It may look like a poster for the Grateful Dead, but these Day-Glo rainbow stripes belong to a fruit fly. Duke biologist Amy Bejsovec is studying the patterns that emerge during a fruit fly's development from egg to adult -- information that may help treat diseases that arise when normal development goes awry. The red stripes stain a protein called Wingless, which helps cells grow and multiply and develop into different cell types. Blue marks cell nuclei.
Taking a lesson from the way human skin can wrinkle, assistant professor Xuanhe Zhao of mechanical engineering and materials science has developed a nanofilm that is spread on a pre-stretched surface and then allowed to relax, creating a microscopic landscape with a precise pattern of high peaks and low valleys. The method produces large-area surface patterns faster, cheaper and with more precision than existing approaches.
Riding the expansion of mosquito-borne diseases from the tropics as temperatures rise across the globe, the West Nile Virus made its American landfall in New York about 15 years ago. Since then, it has spread throughout the United States and Canada, killing more than 1,600 and sickening nearly 40,000, according to the Centers for Disease Control and Prevention.
Cells of human heart muscle grown by the Duke-NUS Cardiovascular and Metabolic Disorders Programme in Singapore mark a milestone in the possible use of human embryonic stem cells for regenerative medicine. Pluripotent human embryonic stem cells were grown on a matrix of human proteins called laminin that surround the cells in the embryo.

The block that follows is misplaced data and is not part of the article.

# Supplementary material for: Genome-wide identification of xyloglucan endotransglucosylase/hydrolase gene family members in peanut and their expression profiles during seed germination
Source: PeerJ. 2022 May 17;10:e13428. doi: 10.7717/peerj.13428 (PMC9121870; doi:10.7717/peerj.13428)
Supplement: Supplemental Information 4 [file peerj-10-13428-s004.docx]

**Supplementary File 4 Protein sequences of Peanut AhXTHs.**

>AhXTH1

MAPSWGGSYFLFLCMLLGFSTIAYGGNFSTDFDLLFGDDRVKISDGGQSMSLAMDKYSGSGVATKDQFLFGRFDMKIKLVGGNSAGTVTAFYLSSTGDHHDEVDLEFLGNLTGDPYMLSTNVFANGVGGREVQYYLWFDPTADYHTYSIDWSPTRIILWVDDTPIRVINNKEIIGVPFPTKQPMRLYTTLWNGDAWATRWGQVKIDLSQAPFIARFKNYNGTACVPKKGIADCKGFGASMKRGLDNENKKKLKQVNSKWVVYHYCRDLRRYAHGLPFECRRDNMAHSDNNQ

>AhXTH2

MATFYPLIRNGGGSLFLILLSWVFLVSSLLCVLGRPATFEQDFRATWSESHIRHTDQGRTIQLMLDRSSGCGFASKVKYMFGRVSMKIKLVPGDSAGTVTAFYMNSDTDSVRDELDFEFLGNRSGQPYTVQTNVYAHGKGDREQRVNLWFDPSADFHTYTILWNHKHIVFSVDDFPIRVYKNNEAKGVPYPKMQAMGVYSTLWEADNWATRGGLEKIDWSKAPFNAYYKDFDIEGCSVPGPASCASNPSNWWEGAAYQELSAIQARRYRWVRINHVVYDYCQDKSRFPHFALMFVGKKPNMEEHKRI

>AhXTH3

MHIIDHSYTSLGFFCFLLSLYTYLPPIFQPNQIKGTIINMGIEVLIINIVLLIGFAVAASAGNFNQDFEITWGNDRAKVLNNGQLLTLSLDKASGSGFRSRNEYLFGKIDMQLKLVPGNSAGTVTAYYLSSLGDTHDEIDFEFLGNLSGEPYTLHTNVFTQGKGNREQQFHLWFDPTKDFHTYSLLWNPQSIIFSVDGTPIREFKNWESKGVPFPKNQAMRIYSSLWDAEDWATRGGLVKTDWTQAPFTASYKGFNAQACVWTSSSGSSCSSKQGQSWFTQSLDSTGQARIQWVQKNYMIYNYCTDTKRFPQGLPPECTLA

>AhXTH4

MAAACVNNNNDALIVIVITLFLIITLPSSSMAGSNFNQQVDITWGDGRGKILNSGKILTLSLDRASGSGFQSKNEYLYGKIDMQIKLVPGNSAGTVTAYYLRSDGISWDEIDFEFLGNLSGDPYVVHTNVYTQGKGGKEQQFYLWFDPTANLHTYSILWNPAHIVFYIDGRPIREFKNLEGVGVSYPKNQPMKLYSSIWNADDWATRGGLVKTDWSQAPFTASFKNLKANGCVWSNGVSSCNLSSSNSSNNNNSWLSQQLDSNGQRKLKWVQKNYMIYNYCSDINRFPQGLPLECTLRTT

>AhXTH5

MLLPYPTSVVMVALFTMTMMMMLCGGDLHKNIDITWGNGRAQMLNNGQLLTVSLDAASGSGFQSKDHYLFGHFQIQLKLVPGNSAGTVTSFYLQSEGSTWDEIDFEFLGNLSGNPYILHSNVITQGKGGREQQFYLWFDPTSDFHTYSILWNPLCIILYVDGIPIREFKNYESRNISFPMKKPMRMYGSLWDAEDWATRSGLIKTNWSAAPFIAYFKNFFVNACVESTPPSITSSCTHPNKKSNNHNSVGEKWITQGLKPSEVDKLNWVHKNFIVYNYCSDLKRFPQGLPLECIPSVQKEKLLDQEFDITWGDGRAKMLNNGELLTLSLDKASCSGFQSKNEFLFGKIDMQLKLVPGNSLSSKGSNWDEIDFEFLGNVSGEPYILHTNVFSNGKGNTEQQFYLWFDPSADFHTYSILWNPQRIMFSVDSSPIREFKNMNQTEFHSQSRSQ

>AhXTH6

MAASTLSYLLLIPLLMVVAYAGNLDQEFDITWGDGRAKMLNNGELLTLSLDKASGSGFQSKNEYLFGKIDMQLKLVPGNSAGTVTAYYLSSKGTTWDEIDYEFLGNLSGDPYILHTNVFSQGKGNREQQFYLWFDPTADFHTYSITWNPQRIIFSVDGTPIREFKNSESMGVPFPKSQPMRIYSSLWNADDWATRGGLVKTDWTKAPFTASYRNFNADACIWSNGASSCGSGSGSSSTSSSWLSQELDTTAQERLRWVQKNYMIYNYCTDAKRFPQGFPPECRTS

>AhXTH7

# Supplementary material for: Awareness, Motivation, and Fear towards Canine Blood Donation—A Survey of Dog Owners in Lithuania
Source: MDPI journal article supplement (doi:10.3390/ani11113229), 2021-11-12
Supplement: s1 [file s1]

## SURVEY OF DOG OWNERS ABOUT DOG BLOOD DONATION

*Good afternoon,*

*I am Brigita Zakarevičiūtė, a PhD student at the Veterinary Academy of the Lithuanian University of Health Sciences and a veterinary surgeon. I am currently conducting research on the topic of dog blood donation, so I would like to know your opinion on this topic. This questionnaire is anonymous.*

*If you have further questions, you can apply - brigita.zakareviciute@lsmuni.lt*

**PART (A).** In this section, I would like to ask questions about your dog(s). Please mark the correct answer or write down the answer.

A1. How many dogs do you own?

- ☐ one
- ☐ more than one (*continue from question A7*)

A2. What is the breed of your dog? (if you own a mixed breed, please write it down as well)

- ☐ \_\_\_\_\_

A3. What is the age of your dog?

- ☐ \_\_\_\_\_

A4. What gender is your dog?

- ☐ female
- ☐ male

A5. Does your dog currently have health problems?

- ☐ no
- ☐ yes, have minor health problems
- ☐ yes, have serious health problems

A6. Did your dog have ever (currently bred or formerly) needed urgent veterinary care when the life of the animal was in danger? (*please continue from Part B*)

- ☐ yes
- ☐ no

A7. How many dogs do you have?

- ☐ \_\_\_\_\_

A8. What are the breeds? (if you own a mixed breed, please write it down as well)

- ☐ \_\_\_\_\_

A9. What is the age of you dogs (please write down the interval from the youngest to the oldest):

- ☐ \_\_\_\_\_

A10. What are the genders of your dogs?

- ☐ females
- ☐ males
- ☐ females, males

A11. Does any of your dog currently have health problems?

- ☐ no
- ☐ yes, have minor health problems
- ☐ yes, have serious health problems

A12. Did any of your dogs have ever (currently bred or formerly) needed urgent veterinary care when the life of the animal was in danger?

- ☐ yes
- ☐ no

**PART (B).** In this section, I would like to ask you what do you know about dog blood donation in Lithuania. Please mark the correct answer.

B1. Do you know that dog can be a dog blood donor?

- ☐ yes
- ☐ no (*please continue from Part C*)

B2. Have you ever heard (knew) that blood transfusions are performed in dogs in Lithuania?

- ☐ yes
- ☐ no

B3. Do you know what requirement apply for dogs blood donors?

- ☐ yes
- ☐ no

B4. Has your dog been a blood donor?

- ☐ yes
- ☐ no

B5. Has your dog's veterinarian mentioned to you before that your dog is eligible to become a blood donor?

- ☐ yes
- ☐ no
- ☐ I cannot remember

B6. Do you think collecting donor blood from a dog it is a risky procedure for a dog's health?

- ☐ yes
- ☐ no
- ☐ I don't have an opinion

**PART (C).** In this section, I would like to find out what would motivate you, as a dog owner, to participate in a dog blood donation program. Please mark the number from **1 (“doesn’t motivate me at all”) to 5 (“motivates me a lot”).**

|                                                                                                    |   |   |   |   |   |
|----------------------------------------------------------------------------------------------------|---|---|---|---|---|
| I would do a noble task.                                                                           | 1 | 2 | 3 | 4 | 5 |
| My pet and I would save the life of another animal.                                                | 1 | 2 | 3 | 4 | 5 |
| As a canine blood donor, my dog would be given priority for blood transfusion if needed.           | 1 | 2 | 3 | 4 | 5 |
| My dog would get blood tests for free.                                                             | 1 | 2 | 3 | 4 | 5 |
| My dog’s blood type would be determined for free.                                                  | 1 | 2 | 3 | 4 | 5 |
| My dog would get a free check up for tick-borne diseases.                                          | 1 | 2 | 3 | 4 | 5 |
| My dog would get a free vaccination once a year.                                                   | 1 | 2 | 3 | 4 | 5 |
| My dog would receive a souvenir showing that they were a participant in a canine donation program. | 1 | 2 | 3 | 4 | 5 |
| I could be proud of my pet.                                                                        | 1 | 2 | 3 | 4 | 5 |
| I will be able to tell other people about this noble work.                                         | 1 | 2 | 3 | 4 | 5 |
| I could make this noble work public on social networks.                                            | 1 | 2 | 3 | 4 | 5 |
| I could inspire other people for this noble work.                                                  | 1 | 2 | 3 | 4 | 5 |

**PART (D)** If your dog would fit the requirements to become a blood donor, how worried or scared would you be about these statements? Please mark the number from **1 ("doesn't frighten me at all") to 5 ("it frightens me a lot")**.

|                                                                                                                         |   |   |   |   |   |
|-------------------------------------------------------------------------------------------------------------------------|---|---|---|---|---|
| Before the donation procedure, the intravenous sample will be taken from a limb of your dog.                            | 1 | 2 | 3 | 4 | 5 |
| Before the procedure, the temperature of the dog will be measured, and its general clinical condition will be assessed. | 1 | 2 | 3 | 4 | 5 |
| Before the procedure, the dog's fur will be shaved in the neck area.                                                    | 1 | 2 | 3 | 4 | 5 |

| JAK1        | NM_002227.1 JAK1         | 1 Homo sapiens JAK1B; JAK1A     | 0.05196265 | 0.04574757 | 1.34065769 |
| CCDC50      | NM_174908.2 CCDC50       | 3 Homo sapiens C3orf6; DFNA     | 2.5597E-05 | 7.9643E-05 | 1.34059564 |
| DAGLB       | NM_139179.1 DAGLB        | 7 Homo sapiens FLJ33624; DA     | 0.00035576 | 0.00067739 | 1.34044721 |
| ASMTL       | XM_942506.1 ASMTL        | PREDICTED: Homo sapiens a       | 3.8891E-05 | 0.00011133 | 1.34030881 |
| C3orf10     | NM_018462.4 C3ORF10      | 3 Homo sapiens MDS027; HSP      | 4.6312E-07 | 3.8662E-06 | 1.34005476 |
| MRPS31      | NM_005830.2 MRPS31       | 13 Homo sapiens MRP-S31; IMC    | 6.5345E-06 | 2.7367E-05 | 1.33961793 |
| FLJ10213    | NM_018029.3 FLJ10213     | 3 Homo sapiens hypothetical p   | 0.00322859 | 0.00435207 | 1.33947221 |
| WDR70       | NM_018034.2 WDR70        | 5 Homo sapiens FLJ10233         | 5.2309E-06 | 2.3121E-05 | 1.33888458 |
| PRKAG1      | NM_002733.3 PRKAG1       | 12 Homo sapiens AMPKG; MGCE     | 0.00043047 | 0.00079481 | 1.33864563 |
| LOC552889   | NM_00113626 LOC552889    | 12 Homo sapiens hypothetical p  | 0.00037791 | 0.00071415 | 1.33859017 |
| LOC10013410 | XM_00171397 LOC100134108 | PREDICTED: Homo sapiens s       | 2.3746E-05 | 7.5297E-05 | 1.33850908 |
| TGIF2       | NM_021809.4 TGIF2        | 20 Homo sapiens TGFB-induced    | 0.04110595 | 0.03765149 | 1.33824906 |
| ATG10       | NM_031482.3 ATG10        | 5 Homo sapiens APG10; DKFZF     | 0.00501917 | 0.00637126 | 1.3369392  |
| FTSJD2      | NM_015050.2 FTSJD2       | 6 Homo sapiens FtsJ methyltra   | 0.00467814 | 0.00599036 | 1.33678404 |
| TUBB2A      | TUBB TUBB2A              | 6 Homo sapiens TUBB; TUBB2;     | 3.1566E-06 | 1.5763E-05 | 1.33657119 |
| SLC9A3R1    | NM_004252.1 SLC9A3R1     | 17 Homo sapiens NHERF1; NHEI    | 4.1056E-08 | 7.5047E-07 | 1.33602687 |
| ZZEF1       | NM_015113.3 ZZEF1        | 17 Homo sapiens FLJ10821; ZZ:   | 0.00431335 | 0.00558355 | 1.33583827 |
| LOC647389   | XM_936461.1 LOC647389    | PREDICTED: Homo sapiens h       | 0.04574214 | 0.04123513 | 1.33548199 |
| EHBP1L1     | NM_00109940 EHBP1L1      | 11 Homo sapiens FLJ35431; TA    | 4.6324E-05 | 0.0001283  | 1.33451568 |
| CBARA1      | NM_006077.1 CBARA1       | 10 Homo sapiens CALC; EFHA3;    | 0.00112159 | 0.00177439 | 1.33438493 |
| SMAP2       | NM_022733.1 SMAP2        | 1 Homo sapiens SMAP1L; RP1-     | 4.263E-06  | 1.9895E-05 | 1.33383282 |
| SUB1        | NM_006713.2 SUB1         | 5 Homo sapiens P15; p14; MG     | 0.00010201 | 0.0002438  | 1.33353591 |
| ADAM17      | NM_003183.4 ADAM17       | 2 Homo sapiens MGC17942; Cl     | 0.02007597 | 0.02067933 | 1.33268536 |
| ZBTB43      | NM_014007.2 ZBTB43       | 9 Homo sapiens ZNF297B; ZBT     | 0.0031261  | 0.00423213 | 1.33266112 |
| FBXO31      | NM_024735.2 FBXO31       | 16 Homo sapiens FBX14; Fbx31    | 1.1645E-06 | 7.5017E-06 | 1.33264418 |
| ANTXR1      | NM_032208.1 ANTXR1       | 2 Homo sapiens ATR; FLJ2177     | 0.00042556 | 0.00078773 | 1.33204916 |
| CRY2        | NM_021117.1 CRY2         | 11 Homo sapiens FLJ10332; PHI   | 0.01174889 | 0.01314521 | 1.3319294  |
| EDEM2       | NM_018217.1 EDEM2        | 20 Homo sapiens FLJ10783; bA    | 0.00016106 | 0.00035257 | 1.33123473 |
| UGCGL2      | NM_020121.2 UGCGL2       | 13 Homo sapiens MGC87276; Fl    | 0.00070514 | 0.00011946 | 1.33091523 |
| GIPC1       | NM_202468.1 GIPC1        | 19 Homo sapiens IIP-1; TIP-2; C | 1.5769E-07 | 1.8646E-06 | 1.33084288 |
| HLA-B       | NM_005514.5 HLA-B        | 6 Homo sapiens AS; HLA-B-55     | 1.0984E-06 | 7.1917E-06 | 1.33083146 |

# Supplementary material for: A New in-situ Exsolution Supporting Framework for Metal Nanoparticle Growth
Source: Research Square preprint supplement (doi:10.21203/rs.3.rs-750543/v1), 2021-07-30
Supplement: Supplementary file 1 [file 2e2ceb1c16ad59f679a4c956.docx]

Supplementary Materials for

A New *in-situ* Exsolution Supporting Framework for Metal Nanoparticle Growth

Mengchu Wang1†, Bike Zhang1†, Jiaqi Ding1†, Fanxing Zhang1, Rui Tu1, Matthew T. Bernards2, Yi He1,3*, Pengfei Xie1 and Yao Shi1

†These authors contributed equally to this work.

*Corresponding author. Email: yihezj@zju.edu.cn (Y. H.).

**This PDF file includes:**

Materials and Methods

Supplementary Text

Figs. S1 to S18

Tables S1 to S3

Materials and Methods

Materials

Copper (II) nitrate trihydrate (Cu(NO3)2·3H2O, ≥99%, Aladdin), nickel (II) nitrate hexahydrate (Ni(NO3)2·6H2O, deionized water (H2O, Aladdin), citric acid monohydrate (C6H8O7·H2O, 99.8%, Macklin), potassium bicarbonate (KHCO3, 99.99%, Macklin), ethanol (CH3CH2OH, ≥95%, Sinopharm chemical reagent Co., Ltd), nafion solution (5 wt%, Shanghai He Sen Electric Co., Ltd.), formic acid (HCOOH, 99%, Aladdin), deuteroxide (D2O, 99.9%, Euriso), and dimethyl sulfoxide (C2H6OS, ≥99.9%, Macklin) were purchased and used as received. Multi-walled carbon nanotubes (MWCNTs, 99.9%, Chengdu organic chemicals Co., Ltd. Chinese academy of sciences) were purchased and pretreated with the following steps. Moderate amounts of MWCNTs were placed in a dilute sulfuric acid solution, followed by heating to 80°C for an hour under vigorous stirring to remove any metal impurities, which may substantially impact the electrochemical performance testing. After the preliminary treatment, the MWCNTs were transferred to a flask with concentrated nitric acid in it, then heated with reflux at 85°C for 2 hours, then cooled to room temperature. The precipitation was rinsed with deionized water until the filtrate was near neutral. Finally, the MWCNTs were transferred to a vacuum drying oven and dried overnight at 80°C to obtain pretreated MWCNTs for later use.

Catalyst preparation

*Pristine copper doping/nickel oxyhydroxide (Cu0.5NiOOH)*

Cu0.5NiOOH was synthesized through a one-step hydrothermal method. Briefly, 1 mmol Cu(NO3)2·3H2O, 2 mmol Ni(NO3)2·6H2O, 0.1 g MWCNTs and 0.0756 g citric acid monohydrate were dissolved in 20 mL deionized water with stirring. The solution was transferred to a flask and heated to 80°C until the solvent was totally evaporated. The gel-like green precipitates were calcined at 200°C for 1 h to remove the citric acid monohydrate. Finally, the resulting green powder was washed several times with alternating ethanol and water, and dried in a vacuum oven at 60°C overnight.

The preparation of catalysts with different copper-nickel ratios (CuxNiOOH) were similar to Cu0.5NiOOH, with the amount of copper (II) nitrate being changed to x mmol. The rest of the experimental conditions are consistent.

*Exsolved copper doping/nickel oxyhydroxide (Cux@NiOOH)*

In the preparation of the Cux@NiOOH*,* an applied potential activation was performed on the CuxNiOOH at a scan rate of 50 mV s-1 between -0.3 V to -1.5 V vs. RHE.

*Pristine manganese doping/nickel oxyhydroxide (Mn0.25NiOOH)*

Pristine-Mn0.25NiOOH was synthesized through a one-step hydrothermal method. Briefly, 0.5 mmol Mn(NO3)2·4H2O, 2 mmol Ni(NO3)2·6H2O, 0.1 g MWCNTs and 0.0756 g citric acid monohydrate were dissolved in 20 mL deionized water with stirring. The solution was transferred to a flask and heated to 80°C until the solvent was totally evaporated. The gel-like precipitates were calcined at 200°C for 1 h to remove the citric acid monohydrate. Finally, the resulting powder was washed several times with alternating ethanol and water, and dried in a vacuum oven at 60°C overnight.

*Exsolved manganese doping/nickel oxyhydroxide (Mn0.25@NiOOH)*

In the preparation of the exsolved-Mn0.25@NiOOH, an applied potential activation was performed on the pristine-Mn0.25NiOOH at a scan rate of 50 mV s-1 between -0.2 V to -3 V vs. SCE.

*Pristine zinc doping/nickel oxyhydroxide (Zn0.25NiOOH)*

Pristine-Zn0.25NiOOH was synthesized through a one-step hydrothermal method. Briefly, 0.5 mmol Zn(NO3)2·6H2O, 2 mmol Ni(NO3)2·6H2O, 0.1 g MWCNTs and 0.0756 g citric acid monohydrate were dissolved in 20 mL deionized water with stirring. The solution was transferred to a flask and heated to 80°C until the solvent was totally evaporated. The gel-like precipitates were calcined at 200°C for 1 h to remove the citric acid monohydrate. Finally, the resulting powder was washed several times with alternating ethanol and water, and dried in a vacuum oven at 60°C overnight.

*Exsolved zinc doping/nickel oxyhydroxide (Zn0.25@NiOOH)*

Cathrine Hoyo’s first job out of university was as a statistician for health surveillance in her native Zimbabwe. But after a few years of “counting numbers of sick people,” she decided to learn more so she could do more.
A mast cell from the immune system keeps a ready supply of signaling molecules (green) so that it can sound the alarm and call other immune system cells to the fight when it detects a pathogenic invader. But the bacteria Salmonella (red) has been found to move into the mast cell and jam its ability to release these signaling molecules, effectively silencing the alarm and letting the invader spread relatively unimpeded. A Duke Medicine and Duke-National University of Singapore (Duke-NUS) team led by Soman N.
Assistant professor of biochemistry Michael Boyce and his colleagues have developed a new method for detecting one relatively short-lived but crucial cell signaling event: the attachment of a particular sugar, called GlcNAc, onto proteins inside the cell. Two protein samples are labeled through their GlcNAc sugars with green and red fluorescent dyes, and then separated on a gel.
A false color scanning electron micrograph shows infectious spores of Cryptococcus fungi (purple) decorating the surface of the specialized structure where they are produced by meiotic cell division. Airborne on wind currents, these spores are small enough to penetrate deeply into human airways to cause an initial lung infection that spreads via the bloodstream to infect the brain.
Weighing a little less than two cubes of sugar when he was born at the Duke Lemur Center in June, male mouse lemur Filbert is one of more than 40 grey mouse lemurs living at Duke. If all goes well, Filbert could live to be 10-15 years old in captivity. Grey mouse lemurs are nocturnal animals that develop dementia-like symptoms similar to human Alzheimer’s as they age.